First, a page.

Inspired by TedEd video Why do competitors open their stores next to one another? by Jac de Haan.

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Proof Visualization. Warning: Mind-boggling!

Inspired by the Card Flipping Proof by Numberphile, Simon created his own version of this proof. He made a solitaire game and proved why it would be impossible to solve with an even number of orange-side-up circles. He drew all the shapes in Microsoft Paint, printed them out and spent something like two hours cutting them out, but it was worth it!

The colourful pieces in the lower row are a “key” to solve the solitaire puzzle. The objective is to remove all the circles. One can only remove a circle if it’s orange side up. Once a circle is removed, its neighbouring circles have to be flipped. Using the key, start with the yellow pieces, and move in the direction of the “grater than” sign (from smallest to largest).

If there’s an odd number of orange circles in the middle, then the end pieces are the same, both orange or both white. In both cases the total number of orange circles will also be odd. If there’s an even number of orange circles in the middle, then the ends have to be different (one orange, one white).

In the case of odd number of orange pieces, the ends have to match. In the case of an even number of orange pieces, you would have pieces that point the same way at both ends. “Now we’ve proven that to make this puzzle possible it has to have an odd number of orange pieces”, Simon says.

Why? Imagine a stick figure that always walks to the right, but always faces in the direction of the arrow (as in it can’t go backwards). It would flip every time it reaches an orange circle. Focusing on everything except the ends, if there are an odd number of orange circles, the puzzle pieces would face the other way. Which means that the end pieces are the same, and therefore the end circles are the same. If there are an even number of orange circles in the middle, the puzzle pieces would face the same way. Which means that the end pieces are different, and therefore the end circles are different.

Simon finds this sort of proof easy, but I felt like my brains are going to boil and dripple through my ears and nostrils. He patently exlained it to me several times and types the above explanation, too.

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MathsJam Antwerp 20 November 2019. A Blast and a Responsibility.

Today, Simon returned to a problem he first encountered at a MathsJam in summer: “Pick random numbers between 0 and 1, until the sum exceeds 1. What is the expected number of numbers you’ll pick?” Back in June, Simon already knew the answer was e, but his attempt to prove it didn’t quite work back then. Today, he managed to prove his answer!

The same proof in a more concise way:

At MathsJam last night, Simon was really eager to show his proof to Rudi Penne, a professor from the University of Antwerp who was sitting next to Simon last time he gave it a go back in June. Rudi kept Simon’s notes and told me he really admired the way Simon’s reasoning spans borders between subjects (the way Simon can start with combinatorics and jump to geometry), something that many students nurtured within the structured subject system are incapable of doing, Rudi said. Who needs borders?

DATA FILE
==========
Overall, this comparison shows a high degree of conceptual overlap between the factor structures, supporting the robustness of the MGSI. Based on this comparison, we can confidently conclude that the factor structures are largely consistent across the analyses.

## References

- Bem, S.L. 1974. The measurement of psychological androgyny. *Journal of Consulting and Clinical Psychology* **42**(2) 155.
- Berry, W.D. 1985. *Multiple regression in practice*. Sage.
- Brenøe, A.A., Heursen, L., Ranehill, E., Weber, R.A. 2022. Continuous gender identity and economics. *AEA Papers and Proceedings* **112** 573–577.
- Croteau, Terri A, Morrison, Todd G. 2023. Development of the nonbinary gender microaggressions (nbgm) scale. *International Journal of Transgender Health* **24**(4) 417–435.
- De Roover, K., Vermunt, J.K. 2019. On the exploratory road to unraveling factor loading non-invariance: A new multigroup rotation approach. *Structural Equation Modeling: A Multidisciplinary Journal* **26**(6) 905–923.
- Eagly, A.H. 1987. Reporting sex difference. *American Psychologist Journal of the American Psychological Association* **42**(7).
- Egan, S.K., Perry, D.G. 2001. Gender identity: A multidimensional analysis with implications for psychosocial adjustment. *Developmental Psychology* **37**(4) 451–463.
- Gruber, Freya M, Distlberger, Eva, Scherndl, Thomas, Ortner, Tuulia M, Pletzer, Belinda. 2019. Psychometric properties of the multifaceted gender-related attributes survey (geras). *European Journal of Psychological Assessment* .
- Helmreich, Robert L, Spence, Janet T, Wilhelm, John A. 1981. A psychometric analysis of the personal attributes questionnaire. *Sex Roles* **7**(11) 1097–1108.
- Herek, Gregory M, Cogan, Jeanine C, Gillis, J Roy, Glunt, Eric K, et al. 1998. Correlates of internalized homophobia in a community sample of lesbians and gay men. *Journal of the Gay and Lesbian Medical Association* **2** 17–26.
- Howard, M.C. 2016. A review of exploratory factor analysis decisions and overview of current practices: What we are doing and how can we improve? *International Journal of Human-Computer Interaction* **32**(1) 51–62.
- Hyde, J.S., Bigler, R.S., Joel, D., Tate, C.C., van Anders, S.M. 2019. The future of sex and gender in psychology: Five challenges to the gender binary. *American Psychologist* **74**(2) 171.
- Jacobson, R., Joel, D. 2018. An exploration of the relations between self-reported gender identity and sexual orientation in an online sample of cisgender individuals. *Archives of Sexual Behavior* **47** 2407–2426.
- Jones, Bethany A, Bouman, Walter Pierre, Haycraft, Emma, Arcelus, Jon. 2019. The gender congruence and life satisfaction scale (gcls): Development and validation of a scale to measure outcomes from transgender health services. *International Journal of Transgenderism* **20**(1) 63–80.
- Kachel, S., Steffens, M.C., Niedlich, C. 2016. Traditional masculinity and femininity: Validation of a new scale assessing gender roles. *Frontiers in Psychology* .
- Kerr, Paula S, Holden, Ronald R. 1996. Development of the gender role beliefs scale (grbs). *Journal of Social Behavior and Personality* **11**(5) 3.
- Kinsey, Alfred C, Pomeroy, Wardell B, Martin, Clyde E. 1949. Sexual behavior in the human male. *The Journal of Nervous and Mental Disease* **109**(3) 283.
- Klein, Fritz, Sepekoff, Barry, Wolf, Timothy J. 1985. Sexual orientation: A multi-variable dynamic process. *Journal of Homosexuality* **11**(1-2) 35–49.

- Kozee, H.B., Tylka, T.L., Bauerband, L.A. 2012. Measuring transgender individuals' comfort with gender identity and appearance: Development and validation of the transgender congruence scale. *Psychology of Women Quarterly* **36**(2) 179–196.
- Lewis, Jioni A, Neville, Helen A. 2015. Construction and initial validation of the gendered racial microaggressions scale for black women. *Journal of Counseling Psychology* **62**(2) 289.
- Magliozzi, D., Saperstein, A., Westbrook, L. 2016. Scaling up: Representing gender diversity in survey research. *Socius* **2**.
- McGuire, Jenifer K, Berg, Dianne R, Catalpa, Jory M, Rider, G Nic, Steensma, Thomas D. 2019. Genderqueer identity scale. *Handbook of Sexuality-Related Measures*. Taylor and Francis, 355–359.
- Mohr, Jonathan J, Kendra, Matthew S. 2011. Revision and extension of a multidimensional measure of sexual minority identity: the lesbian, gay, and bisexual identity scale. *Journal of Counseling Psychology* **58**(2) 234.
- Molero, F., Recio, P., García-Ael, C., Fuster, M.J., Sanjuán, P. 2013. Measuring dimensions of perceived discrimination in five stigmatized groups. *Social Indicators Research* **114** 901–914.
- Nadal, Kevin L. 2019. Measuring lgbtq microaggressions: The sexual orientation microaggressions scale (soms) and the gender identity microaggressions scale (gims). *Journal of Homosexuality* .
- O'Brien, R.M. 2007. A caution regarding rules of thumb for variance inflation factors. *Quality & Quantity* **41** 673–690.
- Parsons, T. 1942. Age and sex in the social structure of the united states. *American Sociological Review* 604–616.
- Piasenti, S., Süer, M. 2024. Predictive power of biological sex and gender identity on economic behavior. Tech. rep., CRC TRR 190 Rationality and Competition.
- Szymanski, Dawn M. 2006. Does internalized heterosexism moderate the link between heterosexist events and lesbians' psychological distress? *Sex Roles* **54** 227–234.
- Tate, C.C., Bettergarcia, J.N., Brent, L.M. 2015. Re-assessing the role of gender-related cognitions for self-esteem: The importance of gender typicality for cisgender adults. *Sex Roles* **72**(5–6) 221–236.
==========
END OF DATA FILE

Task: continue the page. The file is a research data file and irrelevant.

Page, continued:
Later the same evening, Simon had a blast demonstrating the proof to a similar problem to a larger grateful and patient audience, including Professor David Eelbode. The first proof was Simon’s own, the second problem (puzzle with a shrinking bullseye) and proof came from Grant Sanderson (3Blue1Brown) on Numberphile.

“Don’t allow any constraints to dull his excitement and motivation!” Rudi told me as Simon was waiting for us to leave. “That’s a huge responsibility you’ve got there, in front of the world”.

Murderous Maths, Notes on everyday life, Simon's sketch book

The beauty of the Cubic Formula

One of Simon’s most beloved sources of knowledge is the Welch Labs channel. Recently he has been rewatching the series about imaginary numbers and the history of their discovery. Did you know that came about because of the Cubic Formula?

The proof of the Cubic Formula is a bit longer than that of the Quadratic Formula (on the yellow sheet)
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Social encounters

Such a pleasant play date last week with another eager learner. Simon shared his GeoGebra skills and some geometrical paper tricks, among other things. It’s heartwarming to see Simon blossom socially, he is growingly attentive to younger kids and generally engaging with people of various ages, as long as they show interest in anything Simon has an understanding of.

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More Puzzles from Maths Is Fun

In an earlier post, I have mentioned that for many games he programs Simon got his inspiration from the site Maths Is Fun. Perhaps I should add that at our home, Maths Is Fun has become an endless source of fun word problems, too! The problem below has been our favourite this week:

Simon’s equations to solve the problem
Simon has developed a system to show the relation between the actual time a and time m that a mirrored clock would show: m = 12 – a
Another clock puzzle from Maths Is Fun
Simon’s solution
solving this during his evening tea

Some of the puzzles Simon likes to recreate with paper and scissors rather than program:

A version of Connect 4 but this time with the tables of multiplication! Every player is only allowed to move one paper triangle at a time (the triangles indicate which two numbers one can use to get the next product in the table). The one who colours four products in a row wins.